In March of this year, TEDMED’s Jay Walker and Kaiser Permanente Executive Vice President and CIO Philip Fasano had a conversation about imagining tomorrow’s health and medicine at Walker’s Library of Human Imagination. Recently, the tables were turned, and in a first for the Center for Total Health Blog, Fasano conducted his own Q&A with Walker – about his library’s collection, his role in TEDMED, and what he thinks about when he contemplates the future of health care.
Watch a video of Walker’s conversation with Fasano below, and read on for Fasano’s follow-up Q&A with Walker.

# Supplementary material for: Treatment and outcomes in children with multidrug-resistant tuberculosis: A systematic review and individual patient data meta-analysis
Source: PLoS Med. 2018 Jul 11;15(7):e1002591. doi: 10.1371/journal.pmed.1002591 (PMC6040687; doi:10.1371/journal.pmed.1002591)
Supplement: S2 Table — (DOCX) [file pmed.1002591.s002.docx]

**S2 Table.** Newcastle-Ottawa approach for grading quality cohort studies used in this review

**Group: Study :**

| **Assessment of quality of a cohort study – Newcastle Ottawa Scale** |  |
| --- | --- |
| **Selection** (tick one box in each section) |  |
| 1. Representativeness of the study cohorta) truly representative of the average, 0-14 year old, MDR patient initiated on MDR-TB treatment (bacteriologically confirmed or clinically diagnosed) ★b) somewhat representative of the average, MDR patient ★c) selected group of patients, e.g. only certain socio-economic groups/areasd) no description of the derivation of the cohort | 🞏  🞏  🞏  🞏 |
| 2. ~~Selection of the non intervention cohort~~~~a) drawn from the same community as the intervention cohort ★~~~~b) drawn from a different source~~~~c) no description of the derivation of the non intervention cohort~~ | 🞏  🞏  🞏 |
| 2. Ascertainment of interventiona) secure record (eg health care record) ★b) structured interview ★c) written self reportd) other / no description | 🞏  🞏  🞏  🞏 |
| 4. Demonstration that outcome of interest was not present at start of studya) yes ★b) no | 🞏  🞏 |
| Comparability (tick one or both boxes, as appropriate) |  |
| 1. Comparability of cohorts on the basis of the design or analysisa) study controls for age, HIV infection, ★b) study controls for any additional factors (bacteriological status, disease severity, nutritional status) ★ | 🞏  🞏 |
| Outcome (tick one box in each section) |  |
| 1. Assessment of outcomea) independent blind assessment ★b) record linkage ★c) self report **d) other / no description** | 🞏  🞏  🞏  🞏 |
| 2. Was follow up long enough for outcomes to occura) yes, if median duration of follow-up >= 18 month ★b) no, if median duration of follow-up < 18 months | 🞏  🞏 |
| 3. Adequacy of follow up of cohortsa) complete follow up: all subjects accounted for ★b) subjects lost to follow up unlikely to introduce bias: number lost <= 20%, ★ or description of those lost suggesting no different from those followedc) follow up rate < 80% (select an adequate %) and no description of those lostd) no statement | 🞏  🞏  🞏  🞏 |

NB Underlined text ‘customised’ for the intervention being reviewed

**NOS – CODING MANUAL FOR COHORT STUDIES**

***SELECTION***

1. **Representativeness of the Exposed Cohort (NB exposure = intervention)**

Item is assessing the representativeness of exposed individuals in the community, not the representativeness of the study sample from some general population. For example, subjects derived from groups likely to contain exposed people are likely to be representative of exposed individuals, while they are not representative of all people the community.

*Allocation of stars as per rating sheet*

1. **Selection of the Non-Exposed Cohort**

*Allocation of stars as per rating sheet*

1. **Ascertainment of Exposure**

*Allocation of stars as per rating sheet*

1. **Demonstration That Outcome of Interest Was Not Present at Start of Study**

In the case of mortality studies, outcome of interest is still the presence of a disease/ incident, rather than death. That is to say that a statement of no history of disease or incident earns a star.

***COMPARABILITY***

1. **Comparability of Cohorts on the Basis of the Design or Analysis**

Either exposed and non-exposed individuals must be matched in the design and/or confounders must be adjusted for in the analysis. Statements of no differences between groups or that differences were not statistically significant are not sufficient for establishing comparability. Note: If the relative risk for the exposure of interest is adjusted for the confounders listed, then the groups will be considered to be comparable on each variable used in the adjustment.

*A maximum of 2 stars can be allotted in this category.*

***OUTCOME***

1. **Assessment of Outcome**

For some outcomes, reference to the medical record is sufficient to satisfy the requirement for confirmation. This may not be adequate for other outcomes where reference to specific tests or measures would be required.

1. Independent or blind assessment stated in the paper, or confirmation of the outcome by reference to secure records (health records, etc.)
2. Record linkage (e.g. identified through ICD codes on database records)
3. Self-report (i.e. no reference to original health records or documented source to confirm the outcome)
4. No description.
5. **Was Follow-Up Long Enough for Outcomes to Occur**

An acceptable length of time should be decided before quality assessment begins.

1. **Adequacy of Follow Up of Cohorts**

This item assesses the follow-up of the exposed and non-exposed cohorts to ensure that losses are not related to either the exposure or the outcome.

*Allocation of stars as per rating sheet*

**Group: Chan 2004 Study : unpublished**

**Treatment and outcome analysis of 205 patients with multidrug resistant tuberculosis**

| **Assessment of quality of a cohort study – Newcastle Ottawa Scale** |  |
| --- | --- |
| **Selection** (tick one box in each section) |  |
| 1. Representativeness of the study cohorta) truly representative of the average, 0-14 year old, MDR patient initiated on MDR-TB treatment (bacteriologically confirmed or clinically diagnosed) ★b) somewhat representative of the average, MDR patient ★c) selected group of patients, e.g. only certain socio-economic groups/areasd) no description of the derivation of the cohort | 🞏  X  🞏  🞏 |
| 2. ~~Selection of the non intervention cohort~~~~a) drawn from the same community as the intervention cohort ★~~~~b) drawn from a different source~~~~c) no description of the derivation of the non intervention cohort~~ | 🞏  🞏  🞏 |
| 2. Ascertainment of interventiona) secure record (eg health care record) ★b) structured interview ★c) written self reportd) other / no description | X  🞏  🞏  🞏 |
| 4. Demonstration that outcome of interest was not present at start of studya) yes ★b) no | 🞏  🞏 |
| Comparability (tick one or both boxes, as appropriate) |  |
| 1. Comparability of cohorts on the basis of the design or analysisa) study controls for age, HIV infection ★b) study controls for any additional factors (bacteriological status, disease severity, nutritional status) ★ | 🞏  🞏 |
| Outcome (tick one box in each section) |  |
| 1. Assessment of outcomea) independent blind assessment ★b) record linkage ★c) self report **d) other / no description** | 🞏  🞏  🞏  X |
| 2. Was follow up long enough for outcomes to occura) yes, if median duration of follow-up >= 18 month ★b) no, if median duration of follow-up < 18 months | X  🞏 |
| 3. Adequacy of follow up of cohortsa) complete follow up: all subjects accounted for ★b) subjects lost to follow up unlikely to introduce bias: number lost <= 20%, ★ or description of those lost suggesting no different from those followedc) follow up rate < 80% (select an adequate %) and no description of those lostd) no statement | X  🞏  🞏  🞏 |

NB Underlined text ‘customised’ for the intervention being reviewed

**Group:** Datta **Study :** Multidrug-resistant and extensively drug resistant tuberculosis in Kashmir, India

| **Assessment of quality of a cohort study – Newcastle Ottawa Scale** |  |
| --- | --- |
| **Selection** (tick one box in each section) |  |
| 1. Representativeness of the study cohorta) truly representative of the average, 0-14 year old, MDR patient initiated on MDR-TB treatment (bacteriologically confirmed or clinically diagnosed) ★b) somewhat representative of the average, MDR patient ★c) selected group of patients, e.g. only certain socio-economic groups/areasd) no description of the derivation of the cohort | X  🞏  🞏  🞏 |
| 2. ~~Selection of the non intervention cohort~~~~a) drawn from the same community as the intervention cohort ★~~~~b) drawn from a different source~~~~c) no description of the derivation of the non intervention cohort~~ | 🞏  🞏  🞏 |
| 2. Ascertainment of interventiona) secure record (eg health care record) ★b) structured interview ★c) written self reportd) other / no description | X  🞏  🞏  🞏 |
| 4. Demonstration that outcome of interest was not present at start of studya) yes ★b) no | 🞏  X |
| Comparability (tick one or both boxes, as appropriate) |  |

Your Library of Human Imagination is impressive. For people unfamiliar with the library, can you briefly describe what it is? Where did the idea come from and how did you bring that vision to life?
The Library is a 3,600 sq. ft. wing of my home containing about 30,000 books as well as maps, charts, artworks and a wide variety of historical objects. Everything in the Library was selected or created to illustrate something about human imagination…from a Gutenberg Bible page to one of the original 1957 Russian Sputnik satellites (a backup that was never launched). The room combines traditional architecture with high-tech art, sound and lighting, plus unusual design features such as floating platforms and an invisible glass bridge. The whole look and feel was inspired by the paradoxical spaces of M.C. Escher.
What prompted you to get started collecting?